What do you do when a kid won’t read?
It’s a question asked regularly, in various forms, in the Your Kid’s Next Read Facebook group, particularly as young readers approach the end of primary school and the beginning of high school. At that point, it seems, the world is full of far more interesting things than books – friends, devices, gaming, general growing up.
So what can we do to help keep kids on track with reading, when the lure of other options can be strong?
Who better to ask than a grade six teacher, dealing at the coal face with this conundrum every day.
Troy Metcalf is an author and primary school teacher, currently teaching grade six. Knowing how important reading widely is for children’s literacy skills, he also understands the battle that many parents face in getting kids to read at all.
In this post, Troy offers some strategies to try when your kid just won’t read – and explains why he wrote his own fantasy series (Crystals of Cirai) to try to fill a ‘gap’ that he sees all too regularly in the transition from primary to high school.
Take it away, Troy.
WHAT TO DO WHEN A KID WON’T READ
Unfortunately, it’s very rare that I have a parent/teacher conference and the parents come in professing how much their child loves reading or writing. Most of the time, the parents are slogging awaym buying books and trying to promote reading before bed, but are often at their wit’s end with a kid who just won’t read.
I understand the problem. Heck, I was one of those kids during school. I probably read three series the entire thirteen years: Tashi, Deltora Quest and Harry Potter—in that order.
Why does it happen?
There are multiple things at play: family life and incentive, vicinity to books, and relatability. In my own experience, there was a common thread between those three series and, as I got older, I couldn’t find more books the same.
It wasn’t until later in life that I discovered The Final Empire, Six of Crows, and The Lies of Locke Lamora to really bring me back to reading again. And again, there are common threads.
So how do we bring that back to kids? The aim is to bridge the gap between what they love and the books they read.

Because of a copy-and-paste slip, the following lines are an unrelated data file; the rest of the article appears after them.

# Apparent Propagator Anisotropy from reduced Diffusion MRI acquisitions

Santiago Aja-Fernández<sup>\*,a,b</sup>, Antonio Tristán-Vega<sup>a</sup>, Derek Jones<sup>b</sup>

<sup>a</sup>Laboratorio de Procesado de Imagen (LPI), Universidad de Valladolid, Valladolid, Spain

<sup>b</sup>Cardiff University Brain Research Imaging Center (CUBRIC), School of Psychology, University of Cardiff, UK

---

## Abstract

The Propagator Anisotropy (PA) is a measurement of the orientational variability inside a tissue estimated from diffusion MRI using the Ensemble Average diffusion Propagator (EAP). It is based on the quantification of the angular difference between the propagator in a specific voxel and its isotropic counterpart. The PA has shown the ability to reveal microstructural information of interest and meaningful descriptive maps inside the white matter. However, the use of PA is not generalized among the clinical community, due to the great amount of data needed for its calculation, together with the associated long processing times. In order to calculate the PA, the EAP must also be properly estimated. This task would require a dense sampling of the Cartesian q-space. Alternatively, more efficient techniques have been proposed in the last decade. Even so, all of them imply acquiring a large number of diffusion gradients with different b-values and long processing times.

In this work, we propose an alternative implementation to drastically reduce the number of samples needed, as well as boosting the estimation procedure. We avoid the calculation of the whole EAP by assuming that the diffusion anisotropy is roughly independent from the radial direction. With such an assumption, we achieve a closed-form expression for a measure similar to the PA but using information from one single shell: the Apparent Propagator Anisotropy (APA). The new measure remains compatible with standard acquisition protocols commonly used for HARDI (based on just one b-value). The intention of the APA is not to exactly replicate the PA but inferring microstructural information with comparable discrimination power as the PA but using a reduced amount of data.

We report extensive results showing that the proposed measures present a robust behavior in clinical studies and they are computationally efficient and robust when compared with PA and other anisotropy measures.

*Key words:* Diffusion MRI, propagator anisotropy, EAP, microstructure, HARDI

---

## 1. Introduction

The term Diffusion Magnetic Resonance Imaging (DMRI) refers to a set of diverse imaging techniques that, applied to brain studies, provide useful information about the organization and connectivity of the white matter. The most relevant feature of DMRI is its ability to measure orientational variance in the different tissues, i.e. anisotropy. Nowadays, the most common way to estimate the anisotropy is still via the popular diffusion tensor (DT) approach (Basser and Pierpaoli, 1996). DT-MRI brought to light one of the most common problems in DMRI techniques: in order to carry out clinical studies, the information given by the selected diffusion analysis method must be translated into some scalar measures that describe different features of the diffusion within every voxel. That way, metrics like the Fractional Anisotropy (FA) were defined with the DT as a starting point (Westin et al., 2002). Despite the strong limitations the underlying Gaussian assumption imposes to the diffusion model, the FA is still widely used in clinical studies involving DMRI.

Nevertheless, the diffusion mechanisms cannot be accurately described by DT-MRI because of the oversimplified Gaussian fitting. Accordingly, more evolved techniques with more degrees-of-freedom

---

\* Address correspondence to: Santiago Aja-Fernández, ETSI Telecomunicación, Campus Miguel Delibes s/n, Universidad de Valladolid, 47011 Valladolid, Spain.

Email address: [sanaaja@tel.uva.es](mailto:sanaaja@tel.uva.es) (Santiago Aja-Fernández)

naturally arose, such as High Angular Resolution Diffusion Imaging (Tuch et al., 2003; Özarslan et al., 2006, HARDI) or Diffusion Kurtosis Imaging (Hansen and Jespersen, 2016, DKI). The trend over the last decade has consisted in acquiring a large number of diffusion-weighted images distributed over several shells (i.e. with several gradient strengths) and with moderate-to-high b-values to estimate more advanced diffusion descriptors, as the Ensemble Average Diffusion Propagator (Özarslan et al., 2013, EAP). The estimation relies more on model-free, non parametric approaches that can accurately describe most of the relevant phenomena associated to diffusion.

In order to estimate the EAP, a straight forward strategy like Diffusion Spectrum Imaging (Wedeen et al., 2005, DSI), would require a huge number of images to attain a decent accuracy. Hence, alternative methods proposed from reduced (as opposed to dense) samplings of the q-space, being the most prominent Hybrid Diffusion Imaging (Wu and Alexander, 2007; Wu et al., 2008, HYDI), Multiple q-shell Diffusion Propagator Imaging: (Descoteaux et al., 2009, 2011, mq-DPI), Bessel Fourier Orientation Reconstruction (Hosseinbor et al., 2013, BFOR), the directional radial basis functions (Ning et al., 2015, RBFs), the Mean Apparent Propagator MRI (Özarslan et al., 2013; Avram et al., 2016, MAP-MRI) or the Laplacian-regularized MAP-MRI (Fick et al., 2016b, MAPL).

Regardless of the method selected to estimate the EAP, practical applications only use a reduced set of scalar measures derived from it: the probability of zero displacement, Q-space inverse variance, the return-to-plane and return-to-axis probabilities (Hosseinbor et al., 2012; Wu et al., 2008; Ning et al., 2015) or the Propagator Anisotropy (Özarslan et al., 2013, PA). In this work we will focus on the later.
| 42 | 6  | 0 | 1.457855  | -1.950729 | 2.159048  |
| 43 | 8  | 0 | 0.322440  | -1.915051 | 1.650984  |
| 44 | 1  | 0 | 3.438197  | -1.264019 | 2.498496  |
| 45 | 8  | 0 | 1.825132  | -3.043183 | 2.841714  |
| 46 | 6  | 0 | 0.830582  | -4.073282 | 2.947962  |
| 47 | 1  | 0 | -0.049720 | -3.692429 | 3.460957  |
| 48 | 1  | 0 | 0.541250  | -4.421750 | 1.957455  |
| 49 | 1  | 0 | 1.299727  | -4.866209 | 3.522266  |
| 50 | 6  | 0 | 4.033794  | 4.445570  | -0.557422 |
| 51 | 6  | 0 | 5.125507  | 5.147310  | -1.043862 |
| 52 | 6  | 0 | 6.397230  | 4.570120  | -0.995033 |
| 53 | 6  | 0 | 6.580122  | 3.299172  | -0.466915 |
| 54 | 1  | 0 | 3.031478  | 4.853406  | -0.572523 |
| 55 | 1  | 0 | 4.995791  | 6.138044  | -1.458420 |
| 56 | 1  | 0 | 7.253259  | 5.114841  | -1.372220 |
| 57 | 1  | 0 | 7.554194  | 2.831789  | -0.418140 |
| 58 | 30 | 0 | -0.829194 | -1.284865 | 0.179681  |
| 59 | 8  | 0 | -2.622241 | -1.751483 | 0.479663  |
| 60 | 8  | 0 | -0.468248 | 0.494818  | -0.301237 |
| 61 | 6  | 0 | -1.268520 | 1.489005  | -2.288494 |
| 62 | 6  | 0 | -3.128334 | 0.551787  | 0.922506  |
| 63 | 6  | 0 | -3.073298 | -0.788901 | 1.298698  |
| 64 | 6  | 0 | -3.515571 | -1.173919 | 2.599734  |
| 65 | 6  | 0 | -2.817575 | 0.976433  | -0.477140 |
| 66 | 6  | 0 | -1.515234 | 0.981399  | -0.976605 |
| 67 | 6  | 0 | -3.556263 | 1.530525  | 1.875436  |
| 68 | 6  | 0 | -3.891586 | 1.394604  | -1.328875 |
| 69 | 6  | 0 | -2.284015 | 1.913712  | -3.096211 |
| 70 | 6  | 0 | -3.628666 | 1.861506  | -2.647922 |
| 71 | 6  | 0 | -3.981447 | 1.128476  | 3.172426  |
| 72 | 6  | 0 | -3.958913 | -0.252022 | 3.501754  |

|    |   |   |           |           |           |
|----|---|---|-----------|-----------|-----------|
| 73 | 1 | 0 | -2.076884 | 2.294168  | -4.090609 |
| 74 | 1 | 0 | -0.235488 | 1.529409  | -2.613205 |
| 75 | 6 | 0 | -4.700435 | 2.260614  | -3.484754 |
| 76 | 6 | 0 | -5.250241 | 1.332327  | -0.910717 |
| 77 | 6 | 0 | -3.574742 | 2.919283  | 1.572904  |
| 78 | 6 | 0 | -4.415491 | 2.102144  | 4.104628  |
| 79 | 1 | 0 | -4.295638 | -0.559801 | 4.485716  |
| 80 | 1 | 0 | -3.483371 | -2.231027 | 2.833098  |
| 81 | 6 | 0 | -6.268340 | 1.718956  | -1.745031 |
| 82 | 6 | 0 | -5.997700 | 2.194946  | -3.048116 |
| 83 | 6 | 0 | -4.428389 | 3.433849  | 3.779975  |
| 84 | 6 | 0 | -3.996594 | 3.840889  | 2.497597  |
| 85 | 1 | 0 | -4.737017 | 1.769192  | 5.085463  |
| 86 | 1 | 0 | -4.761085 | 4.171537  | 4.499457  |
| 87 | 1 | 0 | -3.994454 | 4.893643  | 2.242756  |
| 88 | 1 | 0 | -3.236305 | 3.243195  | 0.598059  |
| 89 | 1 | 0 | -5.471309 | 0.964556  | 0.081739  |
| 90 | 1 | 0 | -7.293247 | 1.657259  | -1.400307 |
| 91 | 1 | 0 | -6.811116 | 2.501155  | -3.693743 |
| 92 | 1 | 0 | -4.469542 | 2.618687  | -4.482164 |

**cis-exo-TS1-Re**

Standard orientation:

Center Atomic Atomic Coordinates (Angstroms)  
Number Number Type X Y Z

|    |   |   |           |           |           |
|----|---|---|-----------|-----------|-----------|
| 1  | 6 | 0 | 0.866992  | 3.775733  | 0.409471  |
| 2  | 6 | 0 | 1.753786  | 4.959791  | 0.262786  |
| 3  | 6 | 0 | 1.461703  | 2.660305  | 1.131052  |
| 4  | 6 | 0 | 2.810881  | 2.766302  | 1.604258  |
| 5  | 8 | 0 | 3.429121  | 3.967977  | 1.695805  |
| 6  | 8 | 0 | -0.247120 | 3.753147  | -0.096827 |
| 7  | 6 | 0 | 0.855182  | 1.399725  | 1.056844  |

CREATIVITY AT PLAY
If it wasn’t for the youth of today, meme culture would be stuck with Bad Luck Brian and A random quote with a minion attached. Now, we are able to visualise and conceptualise relatable, and oftentimes mundane, events with a reaction photo from a favourite TV show (whether it be Spongebob, Squid Game or Golden Girls). My own social media feed is filled with reactions I wouldn’t think of myself, but which are so real and funny.
But despite the creativity we see from students and kids on the internet or when they’re flash building a structure in Fortnite, in the classroom, education is yet to harness their abilities in a way that pushes them to want to do more with it.
Which is one of the reasons I began writing.
The reality is that some kids come into an English session with a groan and eyeroll because of how it is taught and discussed. The key is to encourage kids to push through this mundanity and really grasp reading and writing for what it is…
ABSOLUTE PURE GOLD.
MAKE READING RELATABLE
For me, the key to encouraging a love of reading is quality mentor texts and reaching students where they are.
Making reading relatable.
As an example, I briefly mentioned Baz Luhrmann’s film Romeo + Juliet in class the other day and when I said “Shakespeare” there was an uproar of negativity.
These students have not even started high school yet, but they are already dreading Shakespeare.
After mentioning the movie, I then brought them to another example of a Shakespearean play: Hamlet.
Cue more groans.
But once I talked to the students about the link between Hamlet and the Disney movie ‘The Lion King’, I had them.
“Really!?” they gasped.
The fact is that kids crave relatability, and I bring this into writing lessons as well.
It seems to me that classrooms can be places that stifle creativity by trying to control how kids write. Yes, students need the basic functionalities and rules of writing, of course.
But when it comes to creativity, I say leave it to them.
Don’t write to NAPLAN scores; don’t tell them not to use speech because short stories should be four paragraphs (yes, I’ve seen and heard this); don’t limit them.
Kids are wondrous, amazing balls of random content, and it’s up to us to encourage that.
CONNECTING WITH READING
The same can be said for reading. If a child can’t find a book to read, then we have an obligation to help them find one that can match (Rick Riordan is brilliant at this). Even if we have to write one!
I began writing because I was trying to fill the gap I see every day in the classroom. A gap I so sorely needed myself to make the transition from Primary to High School.
Rahta’s Revenge is the first instalment in the Crystals of Cirai series. It follows a group of teens who live in a world ravaged by monsters and poor living conditions while the rich are protected under a dome. One day they receive correspondence from the Commander and are tasked with finding a missing magical artefact that will hopefully bring peace back to their country.
It’s a quest novel with serious themes that never takes itself too seriously, designed to help students bridge that gap between books for younger readers (Tashi or Deltora Quest) and those with more mature storylines (The Final Empire or Six of Crows).
Encouraging kids to read is about ensuring they can access texts that are challenging, engaging and exciting – to them. And that will be different for each young reader.
His first novel Rahta’s Revenge is out now and you can find out more here.
Are you new here? Welcome to my blog! I’m Allison Tait, aka A.L. Tait, and I’m the author of three epic middle-grade adventure series, The Mapmaker Chronicles, The Ateban Cipher, and the Maven & Reeve Mysteries. You can find out more about me here, and more about my books here.